Alexandria, Va. and Princeton, N.J. – Technology allows organizations to easily monitor employee activities at work but employees believe that management is watching over them for the wrong reasons, according to the 2005 Workplace Privacy Survey of 336 HR professionals and 520 employees released by the Society for Human Resource Management (SHRM) and CareerJournal.com.
The survey found that employees think the motivations behind monitoring at work are to check employee productivity levels and job performance, and because management does not trust employees. However, according to HR professionals, the reasons organizations monitor employee behavior is to prevent computer viruses, hackers and others from interfering with business operations, and to protect the organization's proprietary information.
Employees have become more cautious about Internet usage while at work because they believe that their behavior may be monitored by their organizations. More companies are starting to block instant messaging and employee access to personal email accounts. Twenty-five percent of HR professionals surveyed indicated that the level of employee monitoring has increased as a result of 9/11.
"Because it's easily misused, many companies have instituted policies regarding employee use of the Internet at work," says Tony Lee, Editor in Chief, CareerJournal.com. "It's reasonable for organizations to monitor employee Internet usage, but certain activities should remain private."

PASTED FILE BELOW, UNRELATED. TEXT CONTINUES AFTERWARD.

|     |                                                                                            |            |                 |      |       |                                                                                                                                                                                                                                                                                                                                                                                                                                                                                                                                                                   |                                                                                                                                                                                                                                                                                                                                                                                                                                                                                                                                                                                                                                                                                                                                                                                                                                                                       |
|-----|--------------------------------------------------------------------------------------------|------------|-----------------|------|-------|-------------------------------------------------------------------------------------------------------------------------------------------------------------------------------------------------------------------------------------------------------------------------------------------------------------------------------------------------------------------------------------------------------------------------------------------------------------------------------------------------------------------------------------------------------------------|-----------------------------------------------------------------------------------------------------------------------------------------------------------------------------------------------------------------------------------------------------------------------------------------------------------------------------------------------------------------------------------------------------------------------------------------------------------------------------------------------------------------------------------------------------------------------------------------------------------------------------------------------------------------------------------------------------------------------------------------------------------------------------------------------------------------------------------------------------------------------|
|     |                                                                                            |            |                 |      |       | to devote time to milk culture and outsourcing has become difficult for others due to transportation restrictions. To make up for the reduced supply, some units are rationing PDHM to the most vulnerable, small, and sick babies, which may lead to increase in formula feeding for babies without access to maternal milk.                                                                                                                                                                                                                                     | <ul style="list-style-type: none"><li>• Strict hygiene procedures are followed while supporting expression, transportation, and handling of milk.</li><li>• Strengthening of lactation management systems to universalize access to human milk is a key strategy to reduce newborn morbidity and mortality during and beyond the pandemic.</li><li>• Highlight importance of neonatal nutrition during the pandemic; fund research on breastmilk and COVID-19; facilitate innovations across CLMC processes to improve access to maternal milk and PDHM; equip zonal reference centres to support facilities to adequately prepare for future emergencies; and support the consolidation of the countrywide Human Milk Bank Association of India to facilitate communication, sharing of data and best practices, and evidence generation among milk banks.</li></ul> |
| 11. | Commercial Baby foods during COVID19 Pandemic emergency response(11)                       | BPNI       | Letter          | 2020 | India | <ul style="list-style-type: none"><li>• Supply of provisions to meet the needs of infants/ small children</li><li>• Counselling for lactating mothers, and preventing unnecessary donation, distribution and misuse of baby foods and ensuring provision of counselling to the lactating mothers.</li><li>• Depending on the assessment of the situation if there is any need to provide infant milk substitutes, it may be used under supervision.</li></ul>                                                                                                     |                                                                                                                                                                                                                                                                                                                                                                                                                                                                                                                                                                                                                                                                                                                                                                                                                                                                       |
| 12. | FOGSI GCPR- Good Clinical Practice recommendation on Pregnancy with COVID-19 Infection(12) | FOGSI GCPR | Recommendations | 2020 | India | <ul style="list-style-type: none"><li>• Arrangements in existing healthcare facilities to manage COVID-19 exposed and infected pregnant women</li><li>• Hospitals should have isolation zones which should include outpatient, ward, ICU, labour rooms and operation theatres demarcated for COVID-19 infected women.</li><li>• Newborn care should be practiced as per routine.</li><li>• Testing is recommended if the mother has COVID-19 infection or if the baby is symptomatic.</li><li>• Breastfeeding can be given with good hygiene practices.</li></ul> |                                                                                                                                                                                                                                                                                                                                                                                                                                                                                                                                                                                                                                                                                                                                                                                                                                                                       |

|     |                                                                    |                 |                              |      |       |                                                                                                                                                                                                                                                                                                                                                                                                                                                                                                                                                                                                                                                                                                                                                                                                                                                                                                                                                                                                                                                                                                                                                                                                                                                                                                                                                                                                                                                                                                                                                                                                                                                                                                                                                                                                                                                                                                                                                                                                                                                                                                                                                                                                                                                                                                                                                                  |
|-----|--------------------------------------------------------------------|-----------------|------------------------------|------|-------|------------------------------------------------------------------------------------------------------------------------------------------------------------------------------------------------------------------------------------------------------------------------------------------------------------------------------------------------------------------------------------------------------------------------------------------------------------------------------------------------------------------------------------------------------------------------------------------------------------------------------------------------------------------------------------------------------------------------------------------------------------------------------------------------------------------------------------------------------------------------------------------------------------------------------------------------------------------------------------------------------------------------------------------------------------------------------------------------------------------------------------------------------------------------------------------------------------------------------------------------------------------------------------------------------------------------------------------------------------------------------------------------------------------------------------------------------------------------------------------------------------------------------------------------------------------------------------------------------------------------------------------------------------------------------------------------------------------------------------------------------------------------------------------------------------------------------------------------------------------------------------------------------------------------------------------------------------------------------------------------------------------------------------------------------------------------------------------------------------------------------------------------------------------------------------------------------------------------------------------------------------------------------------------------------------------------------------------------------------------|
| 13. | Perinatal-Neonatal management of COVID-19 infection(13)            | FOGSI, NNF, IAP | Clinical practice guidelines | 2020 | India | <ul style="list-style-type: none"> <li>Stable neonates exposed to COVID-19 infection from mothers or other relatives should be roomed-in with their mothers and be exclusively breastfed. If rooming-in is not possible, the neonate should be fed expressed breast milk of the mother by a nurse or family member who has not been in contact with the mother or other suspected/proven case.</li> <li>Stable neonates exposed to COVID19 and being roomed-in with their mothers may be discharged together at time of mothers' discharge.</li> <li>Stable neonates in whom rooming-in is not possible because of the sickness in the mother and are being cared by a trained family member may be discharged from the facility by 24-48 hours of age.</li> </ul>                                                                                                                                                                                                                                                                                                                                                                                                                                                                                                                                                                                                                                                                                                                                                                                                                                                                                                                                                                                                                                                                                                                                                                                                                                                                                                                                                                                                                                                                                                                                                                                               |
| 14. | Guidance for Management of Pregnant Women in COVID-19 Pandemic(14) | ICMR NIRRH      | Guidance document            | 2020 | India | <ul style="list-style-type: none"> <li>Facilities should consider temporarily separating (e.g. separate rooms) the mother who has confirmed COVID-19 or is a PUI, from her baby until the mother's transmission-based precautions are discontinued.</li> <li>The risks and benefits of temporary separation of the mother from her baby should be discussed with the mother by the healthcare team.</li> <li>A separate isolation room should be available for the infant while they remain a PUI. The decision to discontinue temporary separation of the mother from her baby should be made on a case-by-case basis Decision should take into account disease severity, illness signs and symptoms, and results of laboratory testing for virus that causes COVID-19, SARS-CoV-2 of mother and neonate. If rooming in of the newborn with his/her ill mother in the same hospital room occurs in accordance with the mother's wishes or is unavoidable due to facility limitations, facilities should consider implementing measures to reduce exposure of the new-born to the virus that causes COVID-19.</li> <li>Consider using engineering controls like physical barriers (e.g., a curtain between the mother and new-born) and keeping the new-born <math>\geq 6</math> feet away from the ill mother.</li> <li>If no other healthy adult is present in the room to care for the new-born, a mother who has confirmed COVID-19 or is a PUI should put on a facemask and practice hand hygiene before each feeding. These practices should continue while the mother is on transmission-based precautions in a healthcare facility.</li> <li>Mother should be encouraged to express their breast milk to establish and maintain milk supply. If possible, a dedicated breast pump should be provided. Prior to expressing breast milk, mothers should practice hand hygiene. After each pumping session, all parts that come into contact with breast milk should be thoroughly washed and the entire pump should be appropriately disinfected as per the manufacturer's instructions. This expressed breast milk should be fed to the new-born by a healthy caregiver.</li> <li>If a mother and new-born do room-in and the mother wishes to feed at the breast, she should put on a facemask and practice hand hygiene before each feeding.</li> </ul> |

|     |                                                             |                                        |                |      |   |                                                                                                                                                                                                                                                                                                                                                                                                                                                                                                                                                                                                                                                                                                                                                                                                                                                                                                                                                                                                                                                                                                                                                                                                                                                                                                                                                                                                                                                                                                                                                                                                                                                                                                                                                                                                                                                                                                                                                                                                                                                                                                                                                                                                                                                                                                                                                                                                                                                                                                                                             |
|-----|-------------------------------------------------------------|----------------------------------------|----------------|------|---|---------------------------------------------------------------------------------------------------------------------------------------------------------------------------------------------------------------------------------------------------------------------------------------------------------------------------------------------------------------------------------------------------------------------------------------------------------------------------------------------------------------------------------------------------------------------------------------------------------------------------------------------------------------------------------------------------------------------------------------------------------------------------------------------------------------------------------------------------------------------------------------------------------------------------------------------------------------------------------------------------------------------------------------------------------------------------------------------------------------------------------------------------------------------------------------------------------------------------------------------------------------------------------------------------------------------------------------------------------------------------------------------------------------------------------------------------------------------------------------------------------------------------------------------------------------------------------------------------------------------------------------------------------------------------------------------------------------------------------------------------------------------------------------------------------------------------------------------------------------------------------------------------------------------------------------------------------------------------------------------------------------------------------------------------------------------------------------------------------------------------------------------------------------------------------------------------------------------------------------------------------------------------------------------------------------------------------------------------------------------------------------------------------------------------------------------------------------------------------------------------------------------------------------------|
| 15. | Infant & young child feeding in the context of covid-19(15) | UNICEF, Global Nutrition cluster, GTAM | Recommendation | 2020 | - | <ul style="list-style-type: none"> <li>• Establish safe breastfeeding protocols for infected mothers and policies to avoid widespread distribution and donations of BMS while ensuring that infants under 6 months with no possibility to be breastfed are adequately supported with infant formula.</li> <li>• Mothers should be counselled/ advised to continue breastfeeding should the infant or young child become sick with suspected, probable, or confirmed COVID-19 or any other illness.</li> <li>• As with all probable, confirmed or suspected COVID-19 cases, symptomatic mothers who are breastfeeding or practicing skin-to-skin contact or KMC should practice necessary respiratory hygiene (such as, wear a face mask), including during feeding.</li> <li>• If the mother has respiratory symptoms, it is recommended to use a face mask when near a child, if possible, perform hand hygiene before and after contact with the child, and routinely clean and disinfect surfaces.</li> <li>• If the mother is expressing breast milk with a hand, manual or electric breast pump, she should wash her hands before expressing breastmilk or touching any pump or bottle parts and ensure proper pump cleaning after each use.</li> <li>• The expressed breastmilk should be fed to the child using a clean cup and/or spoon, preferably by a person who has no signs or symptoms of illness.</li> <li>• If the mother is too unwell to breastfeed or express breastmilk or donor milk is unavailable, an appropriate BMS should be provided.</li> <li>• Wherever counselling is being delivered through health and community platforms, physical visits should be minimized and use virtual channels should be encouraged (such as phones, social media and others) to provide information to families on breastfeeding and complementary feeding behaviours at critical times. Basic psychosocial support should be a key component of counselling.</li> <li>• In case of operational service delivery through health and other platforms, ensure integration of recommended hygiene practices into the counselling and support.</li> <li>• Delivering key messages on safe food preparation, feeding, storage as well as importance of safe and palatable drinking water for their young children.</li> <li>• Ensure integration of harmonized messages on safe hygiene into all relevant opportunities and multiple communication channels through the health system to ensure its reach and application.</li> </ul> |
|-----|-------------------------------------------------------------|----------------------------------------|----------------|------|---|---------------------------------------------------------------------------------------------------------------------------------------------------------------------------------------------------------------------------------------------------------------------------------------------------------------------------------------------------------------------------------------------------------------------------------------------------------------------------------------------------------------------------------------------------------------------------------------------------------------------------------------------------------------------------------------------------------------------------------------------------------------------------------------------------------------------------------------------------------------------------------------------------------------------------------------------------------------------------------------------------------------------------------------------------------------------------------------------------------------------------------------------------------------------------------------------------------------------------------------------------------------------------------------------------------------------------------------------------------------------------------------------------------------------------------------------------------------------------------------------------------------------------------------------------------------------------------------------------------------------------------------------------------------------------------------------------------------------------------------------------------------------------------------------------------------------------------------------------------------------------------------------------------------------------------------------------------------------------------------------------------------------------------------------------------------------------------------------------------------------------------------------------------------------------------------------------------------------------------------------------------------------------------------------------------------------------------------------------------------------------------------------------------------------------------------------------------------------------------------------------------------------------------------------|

"Due to the amount of company specific information and level of dependency that most organizations have on their computer systems, it is essential that organizations take steps to monitor their networks to ensure the integrity of proprietary information and to prevent viruses and hackers from accessing the networks," says Susan R. Meisinger, SPHR, President and CEO of SHRM. "It is also essential that employees are made aware of this security step and the purpose of company networks and property."
HR professionals and employees agreed that organizations should not read employee postal mail, listen to employee telephone conversations, and search employee desks and offices without cause.
The survey found that HR professionals were more likely than employees to agree that organizations have the right to monitor the use of cell phones in the workplace (76 percent compared with 52 percent, respectively), and that organizations have the right to search employee desks and offices (49 percent compared with 23 percent) although overall both groups tended to disagree with this action.
The survey also compared privacy at non-profit vs. profit organizations and found that for-profit organizations track employee expense reports and employee movement at work more frequently than non-profit organizations. On the other hand, non-profit organizations track employee telephone use more frequently than for-profit organizations.
SHRM and CareerJournal.com conducted the survey to determine opinions about workplace privacy from the perspectives of both human resource (HR) professionals and employees. The survey questions were e-mailed to randomly selected SHRM members, yielding 336 responses from HR professionals, and employee data were gathered from a convenience sample of CareerJournal.com Web site visitors through a pop-up window directing them to the online poll bearing 520 responses.